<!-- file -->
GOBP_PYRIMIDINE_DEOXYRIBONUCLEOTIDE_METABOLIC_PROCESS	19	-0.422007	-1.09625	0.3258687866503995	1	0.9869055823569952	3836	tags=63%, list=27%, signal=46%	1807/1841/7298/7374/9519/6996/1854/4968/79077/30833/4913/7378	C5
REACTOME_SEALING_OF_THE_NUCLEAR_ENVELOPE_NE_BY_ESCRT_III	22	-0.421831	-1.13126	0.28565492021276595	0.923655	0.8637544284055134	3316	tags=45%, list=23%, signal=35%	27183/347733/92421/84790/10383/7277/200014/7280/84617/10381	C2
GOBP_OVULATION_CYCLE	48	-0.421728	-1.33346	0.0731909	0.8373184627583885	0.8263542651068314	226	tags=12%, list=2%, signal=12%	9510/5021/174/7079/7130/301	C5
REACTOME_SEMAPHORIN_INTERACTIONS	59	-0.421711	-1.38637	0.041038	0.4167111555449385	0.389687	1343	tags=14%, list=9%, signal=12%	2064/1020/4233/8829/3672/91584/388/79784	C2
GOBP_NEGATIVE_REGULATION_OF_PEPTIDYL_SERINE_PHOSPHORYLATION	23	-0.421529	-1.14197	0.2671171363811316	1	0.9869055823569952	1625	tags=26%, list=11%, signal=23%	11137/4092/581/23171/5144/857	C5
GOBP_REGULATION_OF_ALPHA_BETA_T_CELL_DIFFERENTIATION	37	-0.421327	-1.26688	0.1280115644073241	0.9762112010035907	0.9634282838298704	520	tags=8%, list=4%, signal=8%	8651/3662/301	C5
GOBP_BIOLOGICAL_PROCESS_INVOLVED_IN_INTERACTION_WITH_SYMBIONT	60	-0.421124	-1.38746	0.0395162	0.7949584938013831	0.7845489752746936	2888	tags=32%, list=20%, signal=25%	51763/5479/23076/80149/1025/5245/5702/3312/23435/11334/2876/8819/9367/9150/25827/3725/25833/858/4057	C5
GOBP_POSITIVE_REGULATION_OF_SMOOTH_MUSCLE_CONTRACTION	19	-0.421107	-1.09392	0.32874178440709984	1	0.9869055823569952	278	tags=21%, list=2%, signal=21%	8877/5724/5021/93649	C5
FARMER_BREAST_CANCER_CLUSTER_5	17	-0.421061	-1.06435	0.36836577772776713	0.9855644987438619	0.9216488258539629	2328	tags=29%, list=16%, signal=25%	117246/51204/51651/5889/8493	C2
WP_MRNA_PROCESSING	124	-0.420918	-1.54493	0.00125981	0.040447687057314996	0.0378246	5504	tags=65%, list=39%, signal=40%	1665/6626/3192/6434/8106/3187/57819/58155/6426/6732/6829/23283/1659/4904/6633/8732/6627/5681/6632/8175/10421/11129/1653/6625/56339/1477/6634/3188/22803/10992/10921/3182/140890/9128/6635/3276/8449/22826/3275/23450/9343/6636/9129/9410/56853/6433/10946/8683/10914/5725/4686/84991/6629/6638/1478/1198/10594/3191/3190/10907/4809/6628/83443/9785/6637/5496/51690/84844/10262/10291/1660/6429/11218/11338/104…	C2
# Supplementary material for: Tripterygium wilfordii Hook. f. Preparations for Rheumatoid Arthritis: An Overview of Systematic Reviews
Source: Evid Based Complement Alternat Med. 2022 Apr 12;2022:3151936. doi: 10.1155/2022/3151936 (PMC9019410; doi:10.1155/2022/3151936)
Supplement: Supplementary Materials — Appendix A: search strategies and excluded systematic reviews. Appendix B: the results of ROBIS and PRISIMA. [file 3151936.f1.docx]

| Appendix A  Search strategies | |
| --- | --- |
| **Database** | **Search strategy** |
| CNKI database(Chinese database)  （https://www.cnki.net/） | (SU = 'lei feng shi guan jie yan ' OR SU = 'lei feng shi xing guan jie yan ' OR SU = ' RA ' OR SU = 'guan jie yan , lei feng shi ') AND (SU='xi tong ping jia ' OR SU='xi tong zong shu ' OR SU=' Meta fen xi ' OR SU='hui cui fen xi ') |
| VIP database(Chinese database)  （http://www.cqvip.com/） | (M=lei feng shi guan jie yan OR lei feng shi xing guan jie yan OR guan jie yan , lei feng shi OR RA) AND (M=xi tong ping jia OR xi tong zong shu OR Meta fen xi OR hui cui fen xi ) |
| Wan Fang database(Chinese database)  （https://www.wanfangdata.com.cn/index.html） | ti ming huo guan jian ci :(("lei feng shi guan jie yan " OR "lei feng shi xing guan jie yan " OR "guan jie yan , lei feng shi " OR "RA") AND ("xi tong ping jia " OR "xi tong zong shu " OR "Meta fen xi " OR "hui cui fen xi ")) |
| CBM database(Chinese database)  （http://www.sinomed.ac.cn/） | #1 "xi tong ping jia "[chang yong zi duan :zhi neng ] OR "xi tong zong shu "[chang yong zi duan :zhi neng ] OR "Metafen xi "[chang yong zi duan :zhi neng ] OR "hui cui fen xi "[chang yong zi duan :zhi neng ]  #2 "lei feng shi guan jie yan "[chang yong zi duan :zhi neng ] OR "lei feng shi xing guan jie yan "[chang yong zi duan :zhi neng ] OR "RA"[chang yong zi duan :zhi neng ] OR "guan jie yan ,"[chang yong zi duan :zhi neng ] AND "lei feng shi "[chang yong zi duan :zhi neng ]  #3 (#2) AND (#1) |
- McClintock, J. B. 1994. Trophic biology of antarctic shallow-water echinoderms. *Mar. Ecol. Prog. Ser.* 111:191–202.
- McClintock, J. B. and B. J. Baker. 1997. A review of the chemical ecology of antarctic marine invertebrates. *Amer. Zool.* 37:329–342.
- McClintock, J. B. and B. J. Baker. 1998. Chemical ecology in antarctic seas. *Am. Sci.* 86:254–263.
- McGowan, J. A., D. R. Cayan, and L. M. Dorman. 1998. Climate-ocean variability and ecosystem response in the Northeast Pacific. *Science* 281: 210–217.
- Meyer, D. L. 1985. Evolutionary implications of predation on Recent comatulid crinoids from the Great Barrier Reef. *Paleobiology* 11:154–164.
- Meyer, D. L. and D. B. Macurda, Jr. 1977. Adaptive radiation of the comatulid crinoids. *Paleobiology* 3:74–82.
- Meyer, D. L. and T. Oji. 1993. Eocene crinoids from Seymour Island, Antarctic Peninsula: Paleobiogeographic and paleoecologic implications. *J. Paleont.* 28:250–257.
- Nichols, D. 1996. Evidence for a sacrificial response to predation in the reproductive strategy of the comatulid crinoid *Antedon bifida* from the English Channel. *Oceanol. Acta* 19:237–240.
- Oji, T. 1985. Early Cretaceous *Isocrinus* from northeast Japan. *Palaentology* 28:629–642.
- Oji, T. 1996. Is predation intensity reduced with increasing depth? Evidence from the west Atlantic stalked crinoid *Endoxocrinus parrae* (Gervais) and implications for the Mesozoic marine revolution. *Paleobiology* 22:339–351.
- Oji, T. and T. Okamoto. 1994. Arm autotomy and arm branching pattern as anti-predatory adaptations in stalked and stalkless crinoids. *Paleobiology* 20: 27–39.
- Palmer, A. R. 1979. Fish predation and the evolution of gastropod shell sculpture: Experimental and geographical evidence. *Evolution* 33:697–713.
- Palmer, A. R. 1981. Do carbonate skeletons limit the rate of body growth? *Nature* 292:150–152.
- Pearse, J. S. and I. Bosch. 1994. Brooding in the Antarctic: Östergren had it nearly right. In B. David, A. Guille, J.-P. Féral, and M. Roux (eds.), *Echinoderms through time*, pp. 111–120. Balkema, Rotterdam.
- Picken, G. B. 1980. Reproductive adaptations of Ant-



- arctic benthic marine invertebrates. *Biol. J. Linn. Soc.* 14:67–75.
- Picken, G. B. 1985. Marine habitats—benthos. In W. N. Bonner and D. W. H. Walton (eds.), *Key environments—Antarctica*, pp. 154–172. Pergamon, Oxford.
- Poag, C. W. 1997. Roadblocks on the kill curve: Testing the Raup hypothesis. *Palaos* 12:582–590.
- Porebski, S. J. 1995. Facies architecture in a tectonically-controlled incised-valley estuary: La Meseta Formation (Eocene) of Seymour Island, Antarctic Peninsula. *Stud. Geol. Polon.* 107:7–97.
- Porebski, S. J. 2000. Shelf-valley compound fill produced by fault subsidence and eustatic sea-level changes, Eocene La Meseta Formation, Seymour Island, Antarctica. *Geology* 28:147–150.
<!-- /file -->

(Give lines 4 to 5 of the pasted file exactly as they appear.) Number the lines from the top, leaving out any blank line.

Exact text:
REACTOME_SEMAPHORIN_INTERACTIONS	59	-0.421711	-1.38637	0.041038	0.4167111555449385	0.389687	1343	tags=14%, list=9%, signal=12%	2064/1020/4233/8829/3672/91584/388/79784	C2
GOBP_NEGATIVE_REGULATION_OF_PEPTIDYL_SERINE_PHOSPHORYLATION	23	-0.421529	-1.14197	0.2671171363811316	1	0.9869055823569952	1625	tags=26%, list=11%, signal=23%	11137/4092/581/23171/5144/857	C5